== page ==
“What do you guys talk about?” I asked.
Dominic thought for a moment. “Coffee,” he said then. “Whether it’s cold or not.” He paused. “How much would it cost to visit Toronto?” he asked.
“Three hundred euros.”
“Oh! 300 euros! Ooh la la!”
We’re losing something about community, about accepting people who are different. If we have a culture of winning, a culture of success, a culture of knowledge, those who have less knowledge are not winning. So we’re in a culture of huge divisions.
The cook at Les Rameaux (the branches), another L’Arche house, is a middle-aged woman named Gabrielle. Gabrielle was a nun in Mexico City for 35 years before she quit and came to work at L’Arche last year. “I came looking for a new spirituality,” she said, one that was more hands-on, less theoretical. Still, she spent her first day at L’Arche in her bedroom, crying. “Because I was so afraid of handicapped people. Then I walked out, and into a home. Now I’m so happy.” What she likes most about L’Arche is that everyone is included in every decision, even if it is difficult for some residents to make one.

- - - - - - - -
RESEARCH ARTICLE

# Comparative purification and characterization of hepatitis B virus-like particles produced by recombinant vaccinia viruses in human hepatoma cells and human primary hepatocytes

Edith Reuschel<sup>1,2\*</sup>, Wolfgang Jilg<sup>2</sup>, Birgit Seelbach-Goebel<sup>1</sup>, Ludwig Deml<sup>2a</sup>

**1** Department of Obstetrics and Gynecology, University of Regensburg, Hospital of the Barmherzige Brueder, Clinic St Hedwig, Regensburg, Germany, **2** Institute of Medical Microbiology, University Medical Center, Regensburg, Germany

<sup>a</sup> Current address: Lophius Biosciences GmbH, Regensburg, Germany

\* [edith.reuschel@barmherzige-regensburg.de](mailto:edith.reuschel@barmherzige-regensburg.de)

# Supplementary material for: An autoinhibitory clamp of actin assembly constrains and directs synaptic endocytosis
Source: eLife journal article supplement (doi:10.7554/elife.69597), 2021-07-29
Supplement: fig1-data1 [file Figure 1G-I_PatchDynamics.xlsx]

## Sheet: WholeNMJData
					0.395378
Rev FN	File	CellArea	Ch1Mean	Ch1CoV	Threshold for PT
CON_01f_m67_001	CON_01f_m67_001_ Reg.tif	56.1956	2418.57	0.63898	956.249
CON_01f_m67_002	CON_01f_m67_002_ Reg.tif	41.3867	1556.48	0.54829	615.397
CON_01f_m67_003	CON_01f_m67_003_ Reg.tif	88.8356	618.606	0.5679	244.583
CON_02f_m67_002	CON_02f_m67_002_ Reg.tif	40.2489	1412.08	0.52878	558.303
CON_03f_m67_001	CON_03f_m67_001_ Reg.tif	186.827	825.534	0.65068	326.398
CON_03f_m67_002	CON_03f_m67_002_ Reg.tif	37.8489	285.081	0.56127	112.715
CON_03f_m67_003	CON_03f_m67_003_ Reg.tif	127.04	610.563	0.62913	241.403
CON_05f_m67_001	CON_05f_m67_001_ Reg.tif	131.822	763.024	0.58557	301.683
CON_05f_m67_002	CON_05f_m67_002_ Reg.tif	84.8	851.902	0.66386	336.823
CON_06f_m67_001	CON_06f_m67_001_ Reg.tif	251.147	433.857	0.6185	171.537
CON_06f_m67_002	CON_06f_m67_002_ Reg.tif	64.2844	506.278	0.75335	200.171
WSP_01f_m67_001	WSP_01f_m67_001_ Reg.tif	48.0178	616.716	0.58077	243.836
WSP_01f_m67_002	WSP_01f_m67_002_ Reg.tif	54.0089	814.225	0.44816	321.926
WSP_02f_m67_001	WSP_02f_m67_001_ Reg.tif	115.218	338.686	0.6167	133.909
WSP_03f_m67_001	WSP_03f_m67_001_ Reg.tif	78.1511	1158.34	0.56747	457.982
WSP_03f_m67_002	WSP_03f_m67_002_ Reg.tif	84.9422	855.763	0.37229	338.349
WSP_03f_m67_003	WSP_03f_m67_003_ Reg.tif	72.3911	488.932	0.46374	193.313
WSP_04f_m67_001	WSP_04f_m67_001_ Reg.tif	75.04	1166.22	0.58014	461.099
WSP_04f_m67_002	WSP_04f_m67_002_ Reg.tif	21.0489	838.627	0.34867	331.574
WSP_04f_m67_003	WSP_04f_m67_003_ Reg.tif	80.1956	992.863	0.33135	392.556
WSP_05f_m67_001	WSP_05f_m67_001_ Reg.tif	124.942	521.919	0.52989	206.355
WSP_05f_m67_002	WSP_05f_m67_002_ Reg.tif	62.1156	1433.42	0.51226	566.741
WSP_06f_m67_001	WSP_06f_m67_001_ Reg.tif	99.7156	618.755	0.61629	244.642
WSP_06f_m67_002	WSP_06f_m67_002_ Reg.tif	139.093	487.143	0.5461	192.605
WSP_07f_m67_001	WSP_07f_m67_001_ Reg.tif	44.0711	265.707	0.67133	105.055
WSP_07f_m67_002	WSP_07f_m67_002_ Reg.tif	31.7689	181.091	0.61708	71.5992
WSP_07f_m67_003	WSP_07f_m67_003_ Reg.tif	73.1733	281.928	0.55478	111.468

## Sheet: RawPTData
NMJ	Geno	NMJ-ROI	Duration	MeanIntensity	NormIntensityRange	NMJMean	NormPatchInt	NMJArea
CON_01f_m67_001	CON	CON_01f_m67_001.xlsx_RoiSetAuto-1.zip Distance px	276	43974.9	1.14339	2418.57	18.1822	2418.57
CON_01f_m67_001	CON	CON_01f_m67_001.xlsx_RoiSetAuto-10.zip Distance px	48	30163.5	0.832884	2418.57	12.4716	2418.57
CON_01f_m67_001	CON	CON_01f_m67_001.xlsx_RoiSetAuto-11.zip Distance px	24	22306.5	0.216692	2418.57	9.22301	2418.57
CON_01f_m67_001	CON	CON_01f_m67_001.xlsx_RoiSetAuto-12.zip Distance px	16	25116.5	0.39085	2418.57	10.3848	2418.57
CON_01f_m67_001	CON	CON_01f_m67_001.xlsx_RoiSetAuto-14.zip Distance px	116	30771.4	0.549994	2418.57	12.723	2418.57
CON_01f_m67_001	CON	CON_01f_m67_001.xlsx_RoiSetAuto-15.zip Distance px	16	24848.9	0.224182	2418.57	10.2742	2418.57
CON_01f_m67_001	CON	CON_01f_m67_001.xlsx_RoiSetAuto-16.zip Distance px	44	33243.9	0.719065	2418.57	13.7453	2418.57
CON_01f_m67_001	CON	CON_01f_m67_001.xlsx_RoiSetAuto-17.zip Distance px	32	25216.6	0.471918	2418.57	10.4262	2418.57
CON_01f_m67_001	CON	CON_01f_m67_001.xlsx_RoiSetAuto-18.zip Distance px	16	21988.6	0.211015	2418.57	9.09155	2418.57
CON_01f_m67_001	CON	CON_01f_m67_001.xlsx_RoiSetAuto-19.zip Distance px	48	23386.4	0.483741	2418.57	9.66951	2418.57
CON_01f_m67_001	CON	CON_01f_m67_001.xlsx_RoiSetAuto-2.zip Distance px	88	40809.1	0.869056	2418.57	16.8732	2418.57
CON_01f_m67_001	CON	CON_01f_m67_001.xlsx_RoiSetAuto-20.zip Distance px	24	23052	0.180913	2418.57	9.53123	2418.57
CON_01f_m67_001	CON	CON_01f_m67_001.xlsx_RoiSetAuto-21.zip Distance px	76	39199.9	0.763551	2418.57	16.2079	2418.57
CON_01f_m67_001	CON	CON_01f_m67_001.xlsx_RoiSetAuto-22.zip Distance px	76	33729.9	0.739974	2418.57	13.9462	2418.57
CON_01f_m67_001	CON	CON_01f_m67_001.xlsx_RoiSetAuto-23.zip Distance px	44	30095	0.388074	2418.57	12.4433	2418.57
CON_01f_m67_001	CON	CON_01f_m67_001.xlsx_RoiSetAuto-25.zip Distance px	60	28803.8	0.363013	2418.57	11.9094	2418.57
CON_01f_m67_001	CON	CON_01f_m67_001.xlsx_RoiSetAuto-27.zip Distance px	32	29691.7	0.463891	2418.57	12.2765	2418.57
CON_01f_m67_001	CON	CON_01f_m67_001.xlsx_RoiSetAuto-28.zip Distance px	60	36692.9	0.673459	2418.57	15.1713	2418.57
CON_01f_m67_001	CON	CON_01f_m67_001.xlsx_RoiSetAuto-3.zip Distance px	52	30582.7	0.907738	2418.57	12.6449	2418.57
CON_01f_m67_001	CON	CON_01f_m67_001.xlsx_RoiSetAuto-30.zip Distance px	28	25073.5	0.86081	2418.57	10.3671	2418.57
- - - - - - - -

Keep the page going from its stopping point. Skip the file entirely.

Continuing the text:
“The idea of liberty is such an important thing,” Gabrielle said, passing me a loaf of bread. “They have their own personalities, their own way of being. Their own tastes. The assistants never take a decision without asking the residents’ opinion. Even if it’s to choose a movie.” Intention is choice; choice is dignity. (…)